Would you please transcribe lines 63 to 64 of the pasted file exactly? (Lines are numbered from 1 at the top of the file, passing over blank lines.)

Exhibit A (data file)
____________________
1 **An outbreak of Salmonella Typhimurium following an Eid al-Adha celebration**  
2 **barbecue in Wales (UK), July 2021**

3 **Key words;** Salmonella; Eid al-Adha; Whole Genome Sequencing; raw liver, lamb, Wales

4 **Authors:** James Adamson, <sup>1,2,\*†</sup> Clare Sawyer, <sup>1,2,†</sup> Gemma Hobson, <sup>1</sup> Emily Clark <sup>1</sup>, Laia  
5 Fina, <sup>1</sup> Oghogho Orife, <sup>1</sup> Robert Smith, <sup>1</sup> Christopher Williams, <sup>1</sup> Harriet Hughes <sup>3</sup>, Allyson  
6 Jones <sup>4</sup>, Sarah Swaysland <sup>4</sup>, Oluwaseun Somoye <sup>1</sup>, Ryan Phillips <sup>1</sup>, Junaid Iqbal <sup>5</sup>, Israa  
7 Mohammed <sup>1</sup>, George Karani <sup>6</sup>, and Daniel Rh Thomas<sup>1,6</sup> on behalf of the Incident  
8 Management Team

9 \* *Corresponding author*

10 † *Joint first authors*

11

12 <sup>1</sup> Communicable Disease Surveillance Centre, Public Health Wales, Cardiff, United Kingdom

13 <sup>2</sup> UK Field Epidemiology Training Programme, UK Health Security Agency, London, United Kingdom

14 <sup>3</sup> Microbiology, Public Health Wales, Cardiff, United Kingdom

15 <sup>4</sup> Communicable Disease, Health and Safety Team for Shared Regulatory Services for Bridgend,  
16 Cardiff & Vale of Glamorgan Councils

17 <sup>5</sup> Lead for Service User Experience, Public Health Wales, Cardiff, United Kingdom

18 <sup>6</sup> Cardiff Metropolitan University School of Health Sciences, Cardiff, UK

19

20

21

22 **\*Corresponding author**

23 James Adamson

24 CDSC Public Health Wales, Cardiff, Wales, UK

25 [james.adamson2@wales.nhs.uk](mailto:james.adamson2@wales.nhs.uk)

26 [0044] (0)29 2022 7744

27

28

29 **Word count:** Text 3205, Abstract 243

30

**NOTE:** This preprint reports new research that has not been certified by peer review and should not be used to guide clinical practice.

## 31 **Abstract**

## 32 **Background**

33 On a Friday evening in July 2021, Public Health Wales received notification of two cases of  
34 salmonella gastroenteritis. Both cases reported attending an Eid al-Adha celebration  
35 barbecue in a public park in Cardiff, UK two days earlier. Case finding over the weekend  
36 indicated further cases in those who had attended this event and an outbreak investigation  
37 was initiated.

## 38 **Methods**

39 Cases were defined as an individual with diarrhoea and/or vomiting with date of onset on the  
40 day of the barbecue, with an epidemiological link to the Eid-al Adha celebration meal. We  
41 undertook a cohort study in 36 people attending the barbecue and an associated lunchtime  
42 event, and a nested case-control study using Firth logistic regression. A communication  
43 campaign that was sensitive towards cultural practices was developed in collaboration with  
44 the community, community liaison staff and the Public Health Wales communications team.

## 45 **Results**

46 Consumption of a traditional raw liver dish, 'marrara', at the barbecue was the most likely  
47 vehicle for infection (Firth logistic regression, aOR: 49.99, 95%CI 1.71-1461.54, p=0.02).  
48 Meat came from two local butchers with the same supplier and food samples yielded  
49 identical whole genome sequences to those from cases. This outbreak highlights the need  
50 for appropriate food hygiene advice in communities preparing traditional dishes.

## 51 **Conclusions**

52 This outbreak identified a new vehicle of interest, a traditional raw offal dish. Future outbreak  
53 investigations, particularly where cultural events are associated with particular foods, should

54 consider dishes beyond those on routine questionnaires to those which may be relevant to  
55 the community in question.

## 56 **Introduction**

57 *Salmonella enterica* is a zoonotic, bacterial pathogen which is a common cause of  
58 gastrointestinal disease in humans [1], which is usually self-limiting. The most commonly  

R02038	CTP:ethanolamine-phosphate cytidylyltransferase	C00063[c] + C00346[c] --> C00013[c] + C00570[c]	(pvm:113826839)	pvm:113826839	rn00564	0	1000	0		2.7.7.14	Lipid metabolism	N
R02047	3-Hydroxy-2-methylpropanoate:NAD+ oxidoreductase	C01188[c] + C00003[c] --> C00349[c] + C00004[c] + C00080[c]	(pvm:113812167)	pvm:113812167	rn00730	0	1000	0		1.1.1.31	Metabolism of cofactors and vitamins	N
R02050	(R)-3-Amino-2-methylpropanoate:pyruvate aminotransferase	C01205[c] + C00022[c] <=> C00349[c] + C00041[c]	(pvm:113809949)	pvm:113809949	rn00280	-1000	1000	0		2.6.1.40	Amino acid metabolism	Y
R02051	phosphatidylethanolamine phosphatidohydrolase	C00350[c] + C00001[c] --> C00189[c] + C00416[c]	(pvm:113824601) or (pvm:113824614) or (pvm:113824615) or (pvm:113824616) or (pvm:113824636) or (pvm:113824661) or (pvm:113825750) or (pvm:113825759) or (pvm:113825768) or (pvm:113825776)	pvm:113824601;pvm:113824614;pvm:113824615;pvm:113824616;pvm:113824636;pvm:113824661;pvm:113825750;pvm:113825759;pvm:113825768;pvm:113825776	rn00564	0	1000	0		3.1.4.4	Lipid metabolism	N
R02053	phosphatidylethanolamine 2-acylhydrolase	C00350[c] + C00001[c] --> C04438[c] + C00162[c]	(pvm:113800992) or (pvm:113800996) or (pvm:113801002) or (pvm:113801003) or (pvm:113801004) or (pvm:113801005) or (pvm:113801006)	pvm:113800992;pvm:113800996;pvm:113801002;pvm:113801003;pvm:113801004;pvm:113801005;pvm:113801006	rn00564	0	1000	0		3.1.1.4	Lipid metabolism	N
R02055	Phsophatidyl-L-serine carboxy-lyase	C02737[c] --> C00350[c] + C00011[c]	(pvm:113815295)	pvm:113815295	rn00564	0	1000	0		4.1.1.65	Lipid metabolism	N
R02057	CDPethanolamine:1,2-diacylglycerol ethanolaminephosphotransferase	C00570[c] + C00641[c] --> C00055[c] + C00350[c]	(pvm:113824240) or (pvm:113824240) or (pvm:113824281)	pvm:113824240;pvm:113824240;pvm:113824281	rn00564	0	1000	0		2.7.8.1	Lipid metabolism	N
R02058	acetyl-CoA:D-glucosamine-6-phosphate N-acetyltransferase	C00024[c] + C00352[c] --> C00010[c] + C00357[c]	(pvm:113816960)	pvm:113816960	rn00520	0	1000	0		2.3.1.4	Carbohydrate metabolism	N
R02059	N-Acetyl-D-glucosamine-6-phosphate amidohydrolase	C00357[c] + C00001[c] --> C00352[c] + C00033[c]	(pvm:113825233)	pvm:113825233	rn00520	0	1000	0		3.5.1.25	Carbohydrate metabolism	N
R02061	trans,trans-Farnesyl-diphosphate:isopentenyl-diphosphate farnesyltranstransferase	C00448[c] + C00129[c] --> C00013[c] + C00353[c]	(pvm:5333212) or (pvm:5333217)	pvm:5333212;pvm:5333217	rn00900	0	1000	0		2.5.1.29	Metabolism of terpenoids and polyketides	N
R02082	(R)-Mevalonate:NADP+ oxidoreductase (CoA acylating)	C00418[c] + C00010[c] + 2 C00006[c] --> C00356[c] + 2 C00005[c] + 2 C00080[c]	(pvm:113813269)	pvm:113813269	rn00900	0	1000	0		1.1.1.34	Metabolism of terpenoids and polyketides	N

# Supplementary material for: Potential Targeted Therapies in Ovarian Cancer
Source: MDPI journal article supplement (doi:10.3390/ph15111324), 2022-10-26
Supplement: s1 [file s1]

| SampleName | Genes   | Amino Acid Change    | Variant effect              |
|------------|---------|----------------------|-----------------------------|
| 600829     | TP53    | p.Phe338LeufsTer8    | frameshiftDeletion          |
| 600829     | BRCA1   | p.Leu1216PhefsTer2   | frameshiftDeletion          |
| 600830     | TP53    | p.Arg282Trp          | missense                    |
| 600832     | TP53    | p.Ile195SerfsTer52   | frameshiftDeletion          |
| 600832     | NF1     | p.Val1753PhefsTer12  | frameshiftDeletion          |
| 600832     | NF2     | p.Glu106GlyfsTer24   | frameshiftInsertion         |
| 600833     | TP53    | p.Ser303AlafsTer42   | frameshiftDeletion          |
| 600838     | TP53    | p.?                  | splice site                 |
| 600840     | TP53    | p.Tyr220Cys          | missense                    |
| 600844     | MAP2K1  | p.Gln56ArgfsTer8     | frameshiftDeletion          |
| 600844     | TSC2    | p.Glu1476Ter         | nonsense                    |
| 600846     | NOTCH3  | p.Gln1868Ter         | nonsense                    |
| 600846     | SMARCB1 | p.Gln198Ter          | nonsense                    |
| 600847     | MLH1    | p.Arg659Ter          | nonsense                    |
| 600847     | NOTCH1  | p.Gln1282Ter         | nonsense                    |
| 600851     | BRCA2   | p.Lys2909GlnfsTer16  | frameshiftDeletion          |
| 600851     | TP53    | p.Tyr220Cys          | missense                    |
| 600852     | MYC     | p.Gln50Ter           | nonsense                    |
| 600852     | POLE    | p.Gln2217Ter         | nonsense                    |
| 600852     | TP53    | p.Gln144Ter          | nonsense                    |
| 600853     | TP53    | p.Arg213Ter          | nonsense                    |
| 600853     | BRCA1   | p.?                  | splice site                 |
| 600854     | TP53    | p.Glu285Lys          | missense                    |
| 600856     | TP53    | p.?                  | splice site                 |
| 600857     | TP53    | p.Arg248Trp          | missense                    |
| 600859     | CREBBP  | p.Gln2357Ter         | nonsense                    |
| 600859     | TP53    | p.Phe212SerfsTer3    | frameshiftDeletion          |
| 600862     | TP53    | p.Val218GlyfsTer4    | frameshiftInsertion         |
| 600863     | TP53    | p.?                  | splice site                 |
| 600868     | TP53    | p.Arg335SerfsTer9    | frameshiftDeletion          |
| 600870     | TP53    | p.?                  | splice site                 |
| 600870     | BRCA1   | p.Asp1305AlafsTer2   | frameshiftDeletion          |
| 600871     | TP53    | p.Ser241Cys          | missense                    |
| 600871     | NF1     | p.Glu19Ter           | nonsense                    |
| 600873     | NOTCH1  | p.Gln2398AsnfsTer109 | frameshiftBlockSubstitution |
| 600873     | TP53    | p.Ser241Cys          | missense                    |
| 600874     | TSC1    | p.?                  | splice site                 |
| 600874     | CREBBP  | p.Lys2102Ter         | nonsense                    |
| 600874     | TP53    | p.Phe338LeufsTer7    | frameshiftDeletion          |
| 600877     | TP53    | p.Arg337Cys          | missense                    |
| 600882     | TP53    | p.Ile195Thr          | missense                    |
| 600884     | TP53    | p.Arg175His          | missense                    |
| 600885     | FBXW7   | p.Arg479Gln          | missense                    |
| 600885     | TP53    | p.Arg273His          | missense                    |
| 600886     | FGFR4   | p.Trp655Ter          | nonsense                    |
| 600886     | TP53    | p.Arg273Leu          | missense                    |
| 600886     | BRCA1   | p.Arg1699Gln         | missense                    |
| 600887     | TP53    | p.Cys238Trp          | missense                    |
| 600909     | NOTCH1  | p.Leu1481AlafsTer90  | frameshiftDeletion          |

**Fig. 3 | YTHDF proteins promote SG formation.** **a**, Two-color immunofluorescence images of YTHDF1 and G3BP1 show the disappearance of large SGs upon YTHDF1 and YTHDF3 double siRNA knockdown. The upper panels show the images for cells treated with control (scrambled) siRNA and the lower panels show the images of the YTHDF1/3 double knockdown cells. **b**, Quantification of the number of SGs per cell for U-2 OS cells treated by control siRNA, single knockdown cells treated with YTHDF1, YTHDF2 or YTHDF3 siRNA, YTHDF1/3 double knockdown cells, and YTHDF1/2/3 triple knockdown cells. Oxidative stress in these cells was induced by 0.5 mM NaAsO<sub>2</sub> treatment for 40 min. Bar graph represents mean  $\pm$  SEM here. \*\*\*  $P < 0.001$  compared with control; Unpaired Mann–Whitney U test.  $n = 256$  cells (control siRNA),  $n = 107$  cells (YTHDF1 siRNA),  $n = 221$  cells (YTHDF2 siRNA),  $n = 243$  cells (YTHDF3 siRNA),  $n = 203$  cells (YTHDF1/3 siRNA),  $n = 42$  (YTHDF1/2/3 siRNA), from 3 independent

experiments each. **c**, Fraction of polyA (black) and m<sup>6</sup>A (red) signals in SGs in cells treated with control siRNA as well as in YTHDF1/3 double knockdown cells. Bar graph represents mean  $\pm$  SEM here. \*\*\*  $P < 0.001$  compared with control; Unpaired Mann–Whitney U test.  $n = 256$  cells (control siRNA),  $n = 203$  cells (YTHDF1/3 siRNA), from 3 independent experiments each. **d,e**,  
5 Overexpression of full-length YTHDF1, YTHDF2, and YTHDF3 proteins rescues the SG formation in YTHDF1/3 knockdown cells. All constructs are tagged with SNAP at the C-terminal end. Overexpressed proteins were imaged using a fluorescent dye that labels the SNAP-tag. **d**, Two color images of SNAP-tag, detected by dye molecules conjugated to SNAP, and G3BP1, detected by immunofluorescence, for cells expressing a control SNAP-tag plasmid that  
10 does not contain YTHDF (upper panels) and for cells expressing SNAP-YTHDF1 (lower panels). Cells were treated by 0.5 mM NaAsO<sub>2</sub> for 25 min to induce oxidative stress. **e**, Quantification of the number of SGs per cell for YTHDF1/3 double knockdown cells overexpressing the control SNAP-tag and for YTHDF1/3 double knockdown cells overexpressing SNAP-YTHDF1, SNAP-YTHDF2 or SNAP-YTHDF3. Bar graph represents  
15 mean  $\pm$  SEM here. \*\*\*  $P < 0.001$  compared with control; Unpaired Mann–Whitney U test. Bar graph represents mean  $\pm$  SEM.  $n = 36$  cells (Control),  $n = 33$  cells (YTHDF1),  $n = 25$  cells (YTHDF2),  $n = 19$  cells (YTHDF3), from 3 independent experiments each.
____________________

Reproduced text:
R02051	phosphatidylethanolamine phosphatidohydrolase	C00350[c] + C00001[c] --> C00189[c] + C00416[c]	(pvm:113824601) or (pvm:113824614) or (pvm:113824615) or (pvm:113824616) or (pvm:113824636) or (pvm:113824661) or (pvm:113825750) or (pvm:113825759) or (pvm:113825768) or (pvm:113825776)	pvm:113824601;pvm:113824614;pvm:113824615;pvm:113824616;pvm:113824636;pvm:113824661;pvm:113825750;pvm:113825759;pvm:113825768;pvm:113825776	rn00564	0	1000	0		3.1.4.4	Lipid metabolism	N
R02053	phosphatidylethanolamine 2-acylhydrolase	C00350[c] + C00001[c] --> C04438[c] + C00162[c]	(pvm:113800992) or (pvm:113800996) or (pvm:113801002) or (pvm:113801003) or (pvm:113801004) or (pvm:113801005) or (pvm:113801006)	pvm:113800992;pvm:113800996;pvm:113801002;pvm:113801003;pvm:113801004;pvm:113801005;pvm:113801006	rn00564	0	1000	0		3.1.1.4	Lipid metabolism	N